How an abortion case shaped Mike Johnson’s path to the presidency | ET REALITY


An employee at the hospital where Ms. Daniels was being treated urged Ms. Stelly to call Mr. Benton and Mr. Johnson for help, warning them that they were “Christians, both, and are very against clinics.” abortion,” Ms. Stelly recalled in an interview. Her lawyers soon went to the hospital to see her and then took her to church and organized a talk at a political rally.

“Lawyers came into my life and things changed a lot,” he said.

Within weeks of filing the case, Johnson arranged an interview for Daniels and Stelly on Channel 9 in Baton Rouge, with their identities concealed, as in the Delta lawsuit. The Louisiana state capital was a small world: Reporter Julie Baxter had once worked with Mr. Perkins during his television career. A clinic worker who saw the broadcast later contacted the Benton company, according to Ms. Stelly.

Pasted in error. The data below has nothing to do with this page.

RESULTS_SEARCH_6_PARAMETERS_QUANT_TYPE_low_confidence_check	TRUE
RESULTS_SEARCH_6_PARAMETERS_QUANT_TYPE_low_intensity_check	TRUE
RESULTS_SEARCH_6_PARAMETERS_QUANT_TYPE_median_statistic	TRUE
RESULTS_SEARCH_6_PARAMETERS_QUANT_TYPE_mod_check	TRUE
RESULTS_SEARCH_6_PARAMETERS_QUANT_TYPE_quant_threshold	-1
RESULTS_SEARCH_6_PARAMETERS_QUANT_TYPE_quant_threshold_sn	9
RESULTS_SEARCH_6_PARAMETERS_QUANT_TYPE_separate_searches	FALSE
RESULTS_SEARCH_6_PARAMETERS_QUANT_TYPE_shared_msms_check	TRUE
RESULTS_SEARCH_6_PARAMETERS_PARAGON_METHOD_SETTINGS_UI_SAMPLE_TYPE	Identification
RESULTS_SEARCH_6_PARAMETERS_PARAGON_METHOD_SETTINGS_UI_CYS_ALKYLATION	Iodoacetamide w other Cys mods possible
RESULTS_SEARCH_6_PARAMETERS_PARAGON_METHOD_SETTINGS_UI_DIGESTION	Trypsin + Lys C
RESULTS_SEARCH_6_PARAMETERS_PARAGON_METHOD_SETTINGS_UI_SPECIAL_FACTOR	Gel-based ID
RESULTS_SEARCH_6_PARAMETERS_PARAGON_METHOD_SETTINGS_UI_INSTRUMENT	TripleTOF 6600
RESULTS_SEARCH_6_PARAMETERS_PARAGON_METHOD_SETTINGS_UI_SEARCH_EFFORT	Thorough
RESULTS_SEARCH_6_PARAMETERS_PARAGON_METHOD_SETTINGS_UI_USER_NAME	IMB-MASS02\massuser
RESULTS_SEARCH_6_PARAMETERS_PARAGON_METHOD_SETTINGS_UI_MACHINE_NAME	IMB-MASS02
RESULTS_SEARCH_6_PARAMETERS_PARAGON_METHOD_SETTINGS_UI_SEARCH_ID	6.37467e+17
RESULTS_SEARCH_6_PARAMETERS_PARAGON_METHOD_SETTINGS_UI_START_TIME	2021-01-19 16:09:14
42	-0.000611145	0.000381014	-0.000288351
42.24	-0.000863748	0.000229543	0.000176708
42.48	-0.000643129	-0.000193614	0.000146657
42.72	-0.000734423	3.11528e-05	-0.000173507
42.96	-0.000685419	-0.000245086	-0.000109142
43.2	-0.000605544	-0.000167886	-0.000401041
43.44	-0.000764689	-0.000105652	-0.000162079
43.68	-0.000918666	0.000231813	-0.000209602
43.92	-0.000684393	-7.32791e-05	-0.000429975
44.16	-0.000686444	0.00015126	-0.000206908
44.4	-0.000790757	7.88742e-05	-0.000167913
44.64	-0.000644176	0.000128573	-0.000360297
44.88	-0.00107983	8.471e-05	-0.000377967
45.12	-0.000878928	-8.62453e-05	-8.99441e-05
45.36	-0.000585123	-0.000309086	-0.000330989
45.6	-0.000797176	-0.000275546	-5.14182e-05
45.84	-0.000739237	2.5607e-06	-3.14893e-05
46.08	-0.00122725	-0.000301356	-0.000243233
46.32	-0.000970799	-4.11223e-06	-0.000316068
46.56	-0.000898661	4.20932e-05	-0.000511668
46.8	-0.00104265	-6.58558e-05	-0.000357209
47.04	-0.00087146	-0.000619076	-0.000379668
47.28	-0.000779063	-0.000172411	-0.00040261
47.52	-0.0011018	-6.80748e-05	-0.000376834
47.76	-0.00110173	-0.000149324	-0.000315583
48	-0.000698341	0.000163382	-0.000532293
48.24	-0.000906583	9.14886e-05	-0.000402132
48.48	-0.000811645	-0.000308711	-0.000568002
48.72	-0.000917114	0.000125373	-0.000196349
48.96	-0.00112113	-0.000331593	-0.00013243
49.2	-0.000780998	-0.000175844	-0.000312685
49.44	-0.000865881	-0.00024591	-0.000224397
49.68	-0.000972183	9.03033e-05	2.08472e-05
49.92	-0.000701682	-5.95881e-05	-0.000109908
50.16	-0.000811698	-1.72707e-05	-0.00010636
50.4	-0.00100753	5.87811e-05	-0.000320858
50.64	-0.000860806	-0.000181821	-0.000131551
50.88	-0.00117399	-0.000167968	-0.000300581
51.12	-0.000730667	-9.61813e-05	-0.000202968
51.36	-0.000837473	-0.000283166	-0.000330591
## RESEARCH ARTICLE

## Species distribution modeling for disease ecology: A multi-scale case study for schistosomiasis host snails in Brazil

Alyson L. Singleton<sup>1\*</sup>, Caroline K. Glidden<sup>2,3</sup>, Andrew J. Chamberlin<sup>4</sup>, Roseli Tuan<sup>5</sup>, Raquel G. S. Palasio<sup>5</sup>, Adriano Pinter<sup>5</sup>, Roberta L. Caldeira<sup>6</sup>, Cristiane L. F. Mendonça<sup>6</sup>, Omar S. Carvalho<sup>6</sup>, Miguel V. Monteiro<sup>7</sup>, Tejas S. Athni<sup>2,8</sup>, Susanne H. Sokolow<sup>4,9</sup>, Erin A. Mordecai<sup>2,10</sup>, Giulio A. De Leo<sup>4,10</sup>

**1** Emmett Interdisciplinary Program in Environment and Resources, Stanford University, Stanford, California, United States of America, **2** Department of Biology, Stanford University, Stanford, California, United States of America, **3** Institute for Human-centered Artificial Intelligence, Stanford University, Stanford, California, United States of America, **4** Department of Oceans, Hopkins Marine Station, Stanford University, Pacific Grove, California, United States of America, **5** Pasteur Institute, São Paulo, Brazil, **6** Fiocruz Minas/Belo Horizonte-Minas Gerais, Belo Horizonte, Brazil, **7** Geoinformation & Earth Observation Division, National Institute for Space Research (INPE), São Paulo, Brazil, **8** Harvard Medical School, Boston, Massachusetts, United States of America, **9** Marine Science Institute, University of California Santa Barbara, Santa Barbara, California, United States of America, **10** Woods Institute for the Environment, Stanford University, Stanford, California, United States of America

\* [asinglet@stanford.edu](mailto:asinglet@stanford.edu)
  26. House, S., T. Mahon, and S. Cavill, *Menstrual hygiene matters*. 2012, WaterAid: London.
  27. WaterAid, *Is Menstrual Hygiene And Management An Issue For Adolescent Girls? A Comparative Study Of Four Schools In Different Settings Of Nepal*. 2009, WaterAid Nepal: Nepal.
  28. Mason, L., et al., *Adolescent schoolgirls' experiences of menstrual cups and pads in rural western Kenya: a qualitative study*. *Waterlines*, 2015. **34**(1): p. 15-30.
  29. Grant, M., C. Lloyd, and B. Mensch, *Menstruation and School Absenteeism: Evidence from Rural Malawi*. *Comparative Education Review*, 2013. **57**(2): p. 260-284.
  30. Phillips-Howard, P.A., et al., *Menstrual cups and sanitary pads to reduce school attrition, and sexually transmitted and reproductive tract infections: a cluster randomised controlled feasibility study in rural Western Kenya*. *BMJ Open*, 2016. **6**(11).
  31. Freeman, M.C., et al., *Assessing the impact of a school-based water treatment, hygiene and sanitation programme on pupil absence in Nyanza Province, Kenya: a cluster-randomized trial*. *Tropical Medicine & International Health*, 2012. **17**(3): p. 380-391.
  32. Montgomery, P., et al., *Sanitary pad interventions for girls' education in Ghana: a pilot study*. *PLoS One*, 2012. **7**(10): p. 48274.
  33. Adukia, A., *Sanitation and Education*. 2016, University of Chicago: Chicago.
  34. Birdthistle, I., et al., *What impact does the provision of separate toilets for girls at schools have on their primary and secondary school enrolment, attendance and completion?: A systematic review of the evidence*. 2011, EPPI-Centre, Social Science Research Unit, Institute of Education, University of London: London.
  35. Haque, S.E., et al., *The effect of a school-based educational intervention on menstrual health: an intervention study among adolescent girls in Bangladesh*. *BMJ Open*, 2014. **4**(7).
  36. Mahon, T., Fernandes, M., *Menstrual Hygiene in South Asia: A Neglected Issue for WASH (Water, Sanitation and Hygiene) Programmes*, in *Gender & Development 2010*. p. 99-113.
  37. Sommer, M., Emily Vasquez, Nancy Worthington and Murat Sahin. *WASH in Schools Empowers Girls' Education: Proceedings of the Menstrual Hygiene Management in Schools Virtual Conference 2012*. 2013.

“She was going to resign at that time,” Stelly recalled, but the lawyers “asked her not to resign at that time.” Instead, the worker let Ms. Baxter and a photographer into Delta after hours. In an explosive follow-up segment, Ms. Baxter broadcast grainy images of Delta’s interior: dirty surgical hoses, rusty dilators, a recovery room stained with dried blood.

Although Ms. Daniels was not identified in Delta’s lawsuit, which remains sealed, a video posted online indicates that she later participated in a follow-up interview with Ms. Baxter in which he named her and showed her face; The hospital’s lawsuit was also filed under Ms. Daniels’ real name. Efforts to locate her were unsuccessful.

Ms Baxter, who now calls herself Julie Baxter Payer, said she was “following the facts as they were”. And she added: “The question was: how do you regulate abortions without creating an impediment for women to request an abortion?”

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